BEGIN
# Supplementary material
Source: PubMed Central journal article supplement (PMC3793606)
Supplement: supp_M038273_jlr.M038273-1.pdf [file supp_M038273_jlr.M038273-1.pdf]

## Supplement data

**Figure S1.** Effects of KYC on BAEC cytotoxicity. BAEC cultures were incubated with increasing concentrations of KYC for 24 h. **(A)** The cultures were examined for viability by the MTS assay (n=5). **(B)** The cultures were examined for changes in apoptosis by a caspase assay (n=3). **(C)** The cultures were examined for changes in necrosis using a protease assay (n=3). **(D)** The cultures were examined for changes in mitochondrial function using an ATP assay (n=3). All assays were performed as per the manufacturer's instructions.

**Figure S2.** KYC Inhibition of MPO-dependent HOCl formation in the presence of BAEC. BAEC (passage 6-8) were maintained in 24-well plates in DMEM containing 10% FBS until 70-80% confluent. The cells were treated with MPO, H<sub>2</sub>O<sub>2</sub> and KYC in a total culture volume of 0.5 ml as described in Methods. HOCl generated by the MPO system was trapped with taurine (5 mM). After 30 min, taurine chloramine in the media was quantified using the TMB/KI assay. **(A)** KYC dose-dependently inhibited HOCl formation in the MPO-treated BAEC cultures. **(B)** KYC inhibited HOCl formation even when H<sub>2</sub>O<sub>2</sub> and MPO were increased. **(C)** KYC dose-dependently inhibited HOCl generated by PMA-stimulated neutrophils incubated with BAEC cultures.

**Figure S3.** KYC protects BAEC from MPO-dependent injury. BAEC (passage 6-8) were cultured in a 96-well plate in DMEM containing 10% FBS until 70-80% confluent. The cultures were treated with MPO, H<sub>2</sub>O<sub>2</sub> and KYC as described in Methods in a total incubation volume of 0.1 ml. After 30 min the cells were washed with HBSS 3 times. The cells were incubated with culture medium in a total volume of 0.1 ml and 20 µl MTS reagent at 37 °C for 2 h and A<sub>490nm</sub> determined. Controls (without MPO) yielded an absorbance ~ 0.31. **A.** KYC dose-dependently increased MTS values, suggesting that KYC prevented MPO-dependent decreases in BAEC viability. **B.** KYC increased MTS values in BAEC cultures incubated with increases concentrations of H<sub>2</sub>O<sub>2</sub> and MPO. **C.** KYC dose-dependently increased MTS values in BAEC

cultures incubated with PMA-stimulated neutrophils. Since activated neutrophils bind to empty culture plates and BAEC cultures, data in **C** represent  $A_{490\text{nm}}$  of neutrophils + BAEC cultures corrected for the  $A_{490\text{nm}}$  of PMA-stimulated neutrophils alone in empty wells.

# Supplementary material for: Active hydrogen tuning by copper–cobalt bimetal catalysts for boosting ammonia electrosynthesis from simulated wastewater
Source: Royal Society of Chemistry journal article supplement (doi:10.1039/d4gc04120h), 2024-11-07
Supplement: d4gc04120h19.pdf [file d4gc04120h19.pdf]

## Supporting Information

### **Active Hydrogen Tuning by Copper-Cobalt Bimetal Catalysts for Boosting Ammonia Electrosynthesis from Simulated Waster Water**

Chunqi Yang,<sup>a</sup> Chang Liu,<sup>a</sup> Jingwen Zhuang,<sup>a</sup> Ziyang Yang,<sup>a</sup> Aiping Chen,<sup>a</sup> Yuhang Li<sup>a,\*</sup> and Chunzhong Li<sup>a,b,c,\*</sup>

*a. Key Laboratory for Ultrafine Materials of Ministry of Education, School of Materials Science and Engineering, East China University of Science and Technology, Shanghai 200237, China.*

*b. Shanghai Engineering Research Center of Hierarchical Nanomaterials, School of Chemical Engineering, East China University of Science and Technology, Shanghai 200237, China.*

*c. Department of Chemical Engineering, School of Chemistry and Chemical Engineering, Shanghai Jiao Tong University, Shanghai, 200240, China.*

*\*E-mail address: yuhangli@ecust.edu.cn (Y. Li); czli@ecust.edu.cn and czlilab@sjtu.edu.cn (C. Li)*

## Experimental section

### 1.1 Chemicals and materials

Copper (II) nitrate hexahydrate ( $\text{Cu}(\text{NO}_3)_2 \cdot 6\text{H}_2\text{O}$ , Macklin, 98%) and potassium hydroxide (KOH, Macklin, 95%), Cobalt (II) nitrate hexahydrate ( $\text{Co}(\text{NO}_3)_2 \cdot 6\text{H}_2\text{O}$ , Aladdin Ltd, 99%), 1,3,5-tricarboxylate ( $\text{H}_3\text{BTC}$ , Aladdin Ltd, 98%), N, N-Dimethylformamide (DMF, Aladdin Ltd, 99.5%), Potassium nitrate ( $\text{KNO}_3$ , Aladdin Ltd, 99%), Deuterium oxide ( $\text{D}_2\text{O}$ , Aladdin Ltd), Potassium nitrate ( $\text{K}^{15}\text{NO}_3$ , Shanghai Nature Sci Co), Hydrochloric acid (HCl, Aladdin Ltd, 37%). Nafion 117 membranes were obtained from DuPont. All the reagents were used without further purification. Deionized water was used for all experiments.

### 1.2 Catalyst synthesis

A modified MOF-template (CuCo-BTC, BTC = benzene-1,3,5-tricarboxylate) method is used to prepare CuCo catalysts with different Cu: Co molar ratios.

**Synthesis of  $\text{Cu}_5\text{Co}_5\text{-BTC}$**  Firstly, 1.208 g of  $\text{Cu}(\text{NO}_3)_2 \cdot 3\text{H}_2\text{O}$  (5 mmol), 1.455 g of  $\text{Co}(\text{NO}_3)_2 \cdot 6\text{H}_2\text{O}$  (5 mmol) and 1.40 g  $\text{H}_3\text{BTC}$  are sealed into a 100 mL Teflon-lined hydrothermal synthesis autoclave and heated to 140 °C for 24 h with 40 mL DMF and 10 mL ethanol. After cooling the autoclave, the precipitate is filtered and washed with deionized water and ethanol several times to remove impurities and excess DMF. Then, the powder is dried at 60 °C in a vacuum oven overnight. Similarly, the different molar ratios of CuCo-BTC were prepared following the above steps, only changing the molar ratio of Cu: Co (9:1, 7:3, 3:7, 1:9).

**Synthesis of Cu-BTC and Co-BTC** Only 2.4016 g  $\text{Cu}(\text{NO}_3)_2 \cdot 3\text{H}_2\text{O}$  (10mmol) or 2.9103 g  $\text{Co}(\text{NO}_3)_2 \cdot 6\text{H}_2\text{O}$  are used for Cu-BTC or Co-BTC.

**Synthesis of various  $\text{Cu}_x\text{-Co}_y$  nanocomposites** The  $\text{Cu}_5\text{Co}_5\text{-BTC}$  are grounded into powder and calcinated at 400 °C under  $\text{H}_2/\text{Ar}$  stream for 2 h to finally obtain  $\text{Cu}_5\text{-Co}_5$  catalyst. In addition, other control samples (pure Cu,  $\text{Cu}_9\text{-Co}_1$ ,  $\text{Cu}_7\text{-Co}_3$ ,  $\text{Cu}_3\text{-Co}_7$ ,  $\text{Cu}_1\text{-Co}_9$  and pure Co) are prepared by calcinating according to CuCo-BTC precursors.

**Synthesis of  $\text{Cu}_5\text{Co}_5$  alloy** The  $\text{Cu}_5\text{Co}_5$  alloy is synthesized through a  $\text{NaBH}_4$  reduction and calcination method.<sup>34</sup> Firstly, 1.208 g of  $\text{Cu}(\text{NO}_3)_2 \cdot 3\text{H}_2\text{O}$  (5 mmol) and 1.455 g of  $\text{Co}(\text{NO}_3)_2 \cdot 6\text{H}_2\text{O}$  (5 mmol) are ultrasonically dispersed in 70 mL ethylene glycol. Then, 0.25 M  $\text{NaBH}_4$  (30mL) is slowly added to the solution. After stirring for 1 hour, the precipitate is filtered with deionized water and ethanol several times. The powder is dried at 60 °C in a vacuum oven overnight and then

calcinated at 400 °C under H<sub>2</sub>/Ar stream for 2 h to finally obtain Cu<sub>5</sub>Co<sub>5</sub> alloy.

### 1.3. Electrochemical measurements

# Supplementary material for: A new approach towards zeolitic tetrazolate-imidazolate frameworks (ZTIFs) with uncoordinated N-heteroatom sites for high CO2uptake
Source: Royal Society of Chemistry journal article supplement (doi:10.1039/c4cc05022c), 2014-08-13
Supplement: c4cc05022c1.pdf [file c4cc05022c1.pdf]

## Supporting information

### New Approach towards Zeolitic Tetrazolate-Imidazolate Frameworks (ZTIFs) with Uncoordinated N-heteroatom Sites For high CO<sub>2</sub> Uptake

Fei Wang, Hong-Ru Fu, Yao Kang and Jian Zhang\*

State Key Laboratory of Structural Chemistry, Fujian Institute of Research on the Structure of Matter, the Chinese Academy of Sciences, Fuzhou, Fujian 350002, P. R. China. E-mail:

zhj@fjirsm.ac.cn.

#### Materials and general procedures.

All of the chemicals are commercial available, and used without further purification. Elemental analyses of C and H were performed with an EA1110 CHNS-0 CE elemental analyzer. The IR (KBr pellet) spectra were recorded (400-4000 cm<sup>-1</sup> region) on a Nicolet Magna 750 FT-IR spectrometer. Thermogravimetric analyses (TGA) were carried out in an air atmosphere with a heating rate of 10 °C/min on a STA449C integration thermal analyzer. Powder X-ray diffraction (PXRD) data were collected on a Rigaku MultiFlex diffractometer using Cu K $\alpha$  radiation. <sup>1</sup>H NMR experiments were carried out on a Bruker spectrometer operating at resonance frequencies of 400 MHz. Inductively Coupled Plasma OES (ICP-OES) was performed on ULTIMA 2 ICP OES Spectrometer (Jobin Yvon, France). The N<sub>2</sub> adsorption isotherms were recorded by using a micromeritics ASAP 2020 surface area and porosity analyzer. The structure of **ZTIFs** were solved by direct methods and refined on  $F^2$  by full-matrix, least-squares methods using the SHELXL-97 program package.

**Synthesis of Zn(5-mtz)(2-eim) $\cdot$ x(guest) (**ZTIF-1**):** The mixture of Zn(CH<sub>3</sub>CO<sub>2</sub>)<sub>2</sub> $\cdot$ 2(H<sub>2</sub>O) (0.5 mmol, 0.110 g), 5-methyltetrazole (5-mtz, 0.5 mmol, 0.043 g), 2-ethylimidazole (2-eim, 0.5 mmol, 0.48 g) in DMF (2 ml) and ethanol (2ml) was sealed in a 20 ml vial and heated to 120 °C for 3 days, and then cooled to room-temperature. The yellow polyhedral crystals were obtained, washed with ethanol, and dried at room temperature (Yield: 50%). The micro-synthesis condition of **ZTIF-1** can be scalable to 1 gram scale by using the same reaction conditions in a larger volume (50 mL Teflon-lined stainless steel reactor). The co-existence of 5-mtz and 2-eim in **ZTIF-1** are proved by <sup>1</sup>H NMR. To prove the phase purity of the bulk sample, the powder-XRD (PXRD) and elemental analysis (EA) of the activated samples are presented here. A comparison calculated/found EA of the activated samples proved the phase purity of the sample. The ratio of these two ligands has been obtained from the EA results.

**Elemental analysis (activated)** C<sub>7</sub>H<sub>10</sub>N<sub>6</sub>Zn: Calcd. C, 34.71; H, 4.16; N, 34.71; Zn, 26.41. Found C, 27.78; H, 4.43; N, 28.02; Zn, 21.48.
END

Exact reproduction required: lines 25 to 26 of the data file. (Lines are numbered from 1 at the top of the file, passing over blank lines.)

**Synthesis of Cu-BTC and Co-BTC** Only 2.4016 g  $\text{Cu}(\text{NO}_3)_2 \cdot 3\text{H}_2\text{O}$  (10mmol) or 2.9103 g  $\text{Co}(\text{NO}_3)_2 \cdot 6\text{H}_2\text{O}$  are used for Cu-BTC or Co-BTC.

**Synthesis of various  $\text{Cu}_x\text{-Co}_y$  nanocomposites** The  $\text{Cu}_5\text{Co}_5\text{-BTC}$  are grounded into powder and calcinated at 400 °C under  $\text{H}_2/\text{Ar}$  stream for 2 h to finally obtain  $\text{Cu}_5\text{-Co}_5$  catalyst. In addition, other control samples (pure Cu,  $\text{Cu}_9\text{-Co}_1$ ,  $\text{Cu}_7\text{-Co}_3$ ,  $\text{Cu}_3\text{-Co}_7$ ,  $\text{Cu}_1\text{-Co}_9$  and pure Co) are prepared by calcinating according to CuCo-BTC precursors.